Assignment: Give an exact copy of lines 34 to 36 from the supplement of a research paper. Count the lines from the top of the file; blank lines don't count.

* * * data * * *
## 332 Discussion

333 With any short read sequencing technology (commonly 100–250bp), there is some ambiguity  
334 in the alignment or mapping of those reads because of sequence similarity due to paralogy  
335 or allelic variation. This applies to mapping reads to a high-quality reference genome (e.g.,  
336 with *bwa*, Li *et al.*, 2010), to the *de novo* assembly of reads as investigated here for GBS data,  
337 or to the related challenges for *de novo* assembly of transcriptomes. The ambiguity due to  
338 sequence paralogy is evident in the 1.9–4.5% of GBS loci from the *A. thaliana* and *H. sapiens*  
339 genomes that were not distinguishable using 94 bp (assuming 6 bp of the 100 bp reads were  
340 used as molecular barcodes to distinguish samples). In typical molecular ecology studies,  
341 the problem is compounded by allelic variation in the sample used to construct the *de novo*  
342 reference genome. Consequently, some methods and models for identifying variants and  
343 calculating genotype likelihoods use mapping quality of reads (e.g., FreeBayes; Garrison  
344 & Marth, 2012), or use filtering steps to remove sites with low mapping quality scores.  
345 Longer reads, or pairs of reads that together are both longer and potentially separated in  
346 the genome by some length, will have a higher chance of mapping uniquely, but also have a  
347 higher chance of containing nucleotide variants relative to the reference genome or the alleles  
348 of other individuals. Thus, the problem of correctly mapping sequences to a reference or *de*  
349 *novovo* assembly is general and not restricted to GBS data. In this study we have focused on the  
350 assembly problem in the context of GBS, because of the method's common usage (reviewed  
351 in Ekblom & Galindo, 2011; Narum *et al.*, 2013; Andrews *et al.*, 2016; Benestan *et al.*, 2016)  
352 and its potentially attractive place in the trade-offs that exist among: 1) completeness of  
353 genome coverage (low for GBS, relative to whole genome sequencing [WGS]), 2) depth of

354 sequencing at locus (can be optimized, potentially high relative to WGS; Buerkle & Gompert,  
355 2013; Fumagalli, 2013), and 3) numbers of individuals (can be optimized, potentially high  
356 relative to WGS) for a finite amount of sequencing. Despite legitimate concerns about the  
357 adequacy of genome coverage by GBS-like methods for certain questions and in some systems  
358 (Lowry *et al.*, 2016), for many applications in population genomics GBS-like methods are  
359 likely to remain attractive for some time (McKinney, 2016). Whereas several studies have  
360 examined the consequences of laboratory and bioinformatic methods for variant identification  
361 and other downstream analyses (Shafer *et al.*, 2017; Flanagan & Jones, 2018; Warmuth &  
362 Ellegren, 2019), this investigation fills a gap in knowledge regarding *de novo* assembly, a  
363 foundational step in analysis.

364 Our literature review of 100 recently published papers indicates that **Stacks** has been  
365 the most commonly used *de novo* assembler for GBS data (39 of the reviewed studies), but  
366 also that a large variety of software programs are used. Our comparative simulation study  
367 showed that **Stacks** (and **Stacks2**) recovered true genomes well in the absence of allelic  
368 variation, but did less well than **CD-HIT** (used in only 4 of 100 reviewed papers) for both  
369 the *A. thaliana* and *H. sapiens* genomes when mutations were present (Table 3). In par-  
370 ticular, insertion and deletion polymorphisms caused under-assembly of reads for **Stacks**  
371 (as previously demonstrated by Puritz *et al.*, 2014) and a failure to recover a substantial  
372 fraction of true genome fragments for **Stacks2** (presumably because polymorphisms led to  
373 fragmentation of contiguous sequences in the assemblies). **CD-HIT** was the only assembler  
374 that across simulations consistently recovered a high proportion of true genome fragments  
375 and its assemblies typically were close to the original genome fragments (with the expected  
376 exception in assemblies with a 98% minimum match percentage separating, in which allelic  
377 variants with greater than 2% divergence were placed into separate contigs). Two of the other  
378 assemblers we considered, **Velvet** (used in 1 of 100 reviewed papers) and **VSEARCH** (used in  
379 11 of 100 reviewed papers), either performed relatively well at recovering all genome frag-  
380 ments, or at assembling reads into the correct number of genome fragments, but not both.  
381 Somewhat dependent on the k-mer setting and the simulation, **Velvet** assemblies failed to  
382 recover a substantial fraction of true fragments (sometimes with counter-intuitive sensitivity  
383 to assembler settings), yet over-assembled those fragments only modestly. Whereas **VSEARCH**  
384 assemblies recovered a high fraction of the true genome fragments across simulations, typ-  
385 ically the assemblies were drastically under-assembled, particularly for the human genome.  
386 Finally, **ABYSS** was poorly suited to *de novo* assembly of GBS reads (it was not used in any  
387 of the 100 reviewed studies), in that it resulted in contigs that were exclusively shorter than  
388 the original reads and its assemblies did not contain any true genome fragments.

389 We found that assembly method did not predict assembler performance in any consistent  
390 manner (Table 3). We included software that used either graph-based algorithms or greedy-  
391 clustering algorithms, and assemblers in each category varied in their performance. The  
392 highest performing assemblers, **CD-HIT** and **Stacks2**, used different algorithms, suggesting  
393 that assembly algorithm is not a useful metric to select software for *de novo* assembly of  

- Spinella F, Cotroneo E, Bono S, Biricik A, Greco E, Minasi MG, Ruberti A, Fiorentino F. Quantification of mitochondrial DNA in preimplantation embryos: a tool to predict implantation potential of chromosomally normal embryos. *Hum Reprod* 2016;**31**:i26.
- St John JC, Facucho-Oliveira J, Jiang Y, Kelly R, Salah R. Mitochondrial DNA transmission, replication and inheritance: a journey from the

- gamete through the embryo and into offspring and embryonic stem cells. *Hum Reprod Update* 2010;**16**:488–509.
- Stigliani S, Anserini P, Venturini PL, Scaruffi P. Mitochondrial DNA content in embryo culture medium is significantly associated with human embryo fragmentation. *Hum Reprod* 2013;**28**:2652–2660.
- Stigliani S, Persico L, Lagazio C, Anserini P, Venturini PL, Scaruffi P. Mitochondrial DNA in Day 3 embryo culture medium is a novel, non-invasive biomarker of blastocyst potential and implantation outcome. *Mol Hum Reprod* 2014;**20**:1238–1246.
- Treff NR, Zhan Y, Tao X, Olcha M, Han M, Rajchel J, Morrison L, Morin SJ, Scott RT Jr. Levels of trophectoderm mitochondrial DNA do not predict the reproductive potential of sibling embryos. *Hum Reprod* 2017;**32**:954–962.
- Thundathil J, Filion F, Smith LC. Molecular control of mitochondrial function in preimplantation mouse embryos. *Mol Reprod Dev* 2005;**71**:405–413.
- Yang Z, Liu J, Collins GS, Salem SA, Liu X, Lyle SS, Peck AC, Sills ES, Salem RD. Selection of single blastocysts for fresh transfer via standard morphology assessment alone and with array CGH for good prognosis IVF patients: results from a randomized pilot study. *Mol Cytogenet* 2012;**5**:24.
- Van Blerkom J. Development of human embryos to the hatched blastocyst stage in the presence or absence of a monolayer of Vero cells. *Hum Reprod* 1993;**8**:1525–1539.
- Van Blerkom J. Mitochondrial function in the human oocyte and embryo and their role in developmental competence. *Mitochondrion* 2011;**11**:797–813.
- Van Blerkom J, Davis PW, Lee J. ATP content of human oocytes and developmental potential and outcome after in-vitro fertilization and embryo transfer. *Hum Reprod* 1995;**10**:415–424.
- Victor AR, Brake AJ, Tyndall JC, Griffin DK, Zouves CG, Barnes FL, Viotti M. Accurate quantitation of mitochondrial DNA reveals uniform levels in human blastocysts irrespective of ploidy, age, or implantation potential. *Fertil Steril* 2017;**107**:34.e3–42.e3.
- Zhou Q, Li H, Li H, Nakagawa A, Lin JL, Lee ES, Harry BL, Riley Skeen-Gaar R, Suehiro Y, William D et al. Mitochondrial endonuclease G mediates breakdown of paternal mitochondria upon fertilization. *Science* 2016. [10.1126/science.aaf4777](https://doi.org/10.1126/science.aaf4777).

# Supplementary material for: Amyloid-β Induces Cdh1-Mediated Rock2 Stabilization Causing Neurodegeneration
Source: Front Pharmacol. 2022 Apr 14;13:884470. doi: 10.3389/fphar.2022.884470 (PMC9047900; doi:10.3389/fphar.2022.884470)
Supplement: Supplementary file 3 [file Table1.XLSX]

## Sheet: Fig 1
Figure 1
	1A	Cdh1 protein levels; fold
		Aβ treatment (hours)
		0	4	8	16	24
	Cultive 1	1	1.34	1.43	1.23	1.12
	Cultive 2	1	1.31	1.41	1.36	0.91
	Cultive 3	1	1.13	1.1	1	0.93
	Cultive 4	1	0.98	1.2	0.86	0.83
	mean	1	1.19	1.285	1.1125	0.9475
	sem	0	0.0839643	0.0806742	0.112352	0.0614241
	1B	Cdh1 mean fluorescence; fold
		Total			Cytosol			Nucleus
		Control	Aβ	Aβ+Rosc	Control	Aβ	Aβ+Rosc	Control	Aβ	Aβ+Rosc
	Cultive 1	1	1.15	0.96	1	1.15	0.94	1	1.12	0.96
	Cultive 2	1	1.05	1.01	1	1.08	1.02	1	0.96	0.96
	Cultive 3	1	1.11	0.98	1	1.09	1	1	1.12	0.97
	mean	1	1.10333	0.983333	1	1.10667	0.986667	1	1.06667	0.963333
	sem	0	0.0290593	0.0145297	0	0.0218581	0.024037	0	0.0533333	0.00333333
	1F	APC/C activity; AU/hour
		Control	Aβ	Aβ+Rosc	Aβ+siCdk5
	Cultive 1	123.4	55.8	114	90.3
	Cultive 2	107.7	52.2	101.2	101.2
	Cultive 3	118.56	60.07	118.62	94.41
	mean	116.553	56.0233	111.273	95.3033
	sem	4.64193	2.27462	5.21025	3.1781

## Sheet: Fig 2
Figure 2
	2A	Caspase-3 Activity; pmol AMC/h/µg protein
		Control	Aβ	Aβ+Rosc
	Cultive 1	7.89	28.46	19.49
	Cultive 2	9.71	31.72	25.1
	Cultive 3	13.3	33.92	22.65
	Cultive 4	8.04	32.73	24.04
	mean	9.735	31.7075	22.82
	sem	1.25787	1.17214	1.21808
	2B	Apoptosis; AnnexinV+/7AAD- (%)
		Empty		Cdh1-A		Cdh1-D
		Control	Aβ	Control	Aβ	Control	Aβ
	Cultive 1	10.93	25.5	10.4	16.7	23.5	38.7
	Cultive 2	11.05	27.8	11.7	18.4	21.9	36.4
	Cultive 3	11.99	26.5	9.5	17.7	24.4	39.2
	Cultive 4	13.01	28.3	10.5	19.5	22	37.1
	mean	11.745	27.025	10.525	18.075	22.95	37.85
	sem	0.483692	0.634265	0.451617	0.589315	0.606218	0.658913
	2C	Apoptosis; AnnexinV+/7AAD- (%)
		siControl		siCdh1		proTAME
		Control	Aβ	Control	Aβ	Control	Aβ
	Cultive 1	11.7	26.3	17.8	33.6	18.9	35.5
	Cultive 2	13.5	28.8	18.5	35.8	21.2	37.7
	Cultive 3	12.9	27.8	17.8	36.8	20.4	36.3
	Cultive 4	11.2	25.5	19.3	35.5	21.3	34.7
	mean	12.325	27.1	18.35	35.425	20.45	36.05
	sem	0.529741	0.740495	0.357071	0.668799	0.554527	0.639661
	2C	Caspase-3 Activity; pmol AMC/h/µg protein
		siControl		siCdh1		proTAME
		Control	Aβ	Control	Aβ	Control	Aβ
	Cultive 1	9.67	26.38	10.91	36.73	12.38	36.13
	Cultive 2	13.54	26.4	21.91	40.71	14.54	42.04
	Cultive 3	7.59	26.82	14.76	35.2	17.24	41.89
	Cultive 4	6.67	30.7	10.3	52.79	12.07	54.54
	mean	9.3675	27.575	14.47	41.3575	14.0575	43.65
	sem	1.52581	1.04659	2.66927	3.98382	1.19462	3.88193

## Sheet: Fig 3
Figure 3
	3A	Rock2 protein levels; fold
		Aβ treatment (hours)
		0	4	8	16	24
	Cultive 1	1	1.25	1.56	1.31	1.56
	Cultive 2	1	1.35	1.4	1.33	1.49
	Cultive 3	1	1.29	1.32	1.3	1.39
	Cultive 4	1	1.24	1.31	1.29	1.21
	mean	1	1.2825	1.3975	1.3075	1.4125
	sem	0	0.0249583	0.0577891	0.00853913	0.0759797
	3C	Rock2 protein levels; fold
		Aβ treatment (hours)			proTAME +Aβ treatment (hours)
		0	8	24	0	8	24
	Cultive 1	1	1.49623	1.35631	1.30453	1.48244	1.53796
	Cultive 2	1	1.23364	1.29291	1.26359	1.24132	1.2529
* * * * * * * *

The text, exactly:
365 the most commonly used *de novo* assembler for GBS data (39 of the reviewed studies), but  
366 also that a large variety of software programs are used. Our comparative simulation study  
367 showed that **Stacks** (and **Stacks2**) recovered true genomes well in the absence of allelic  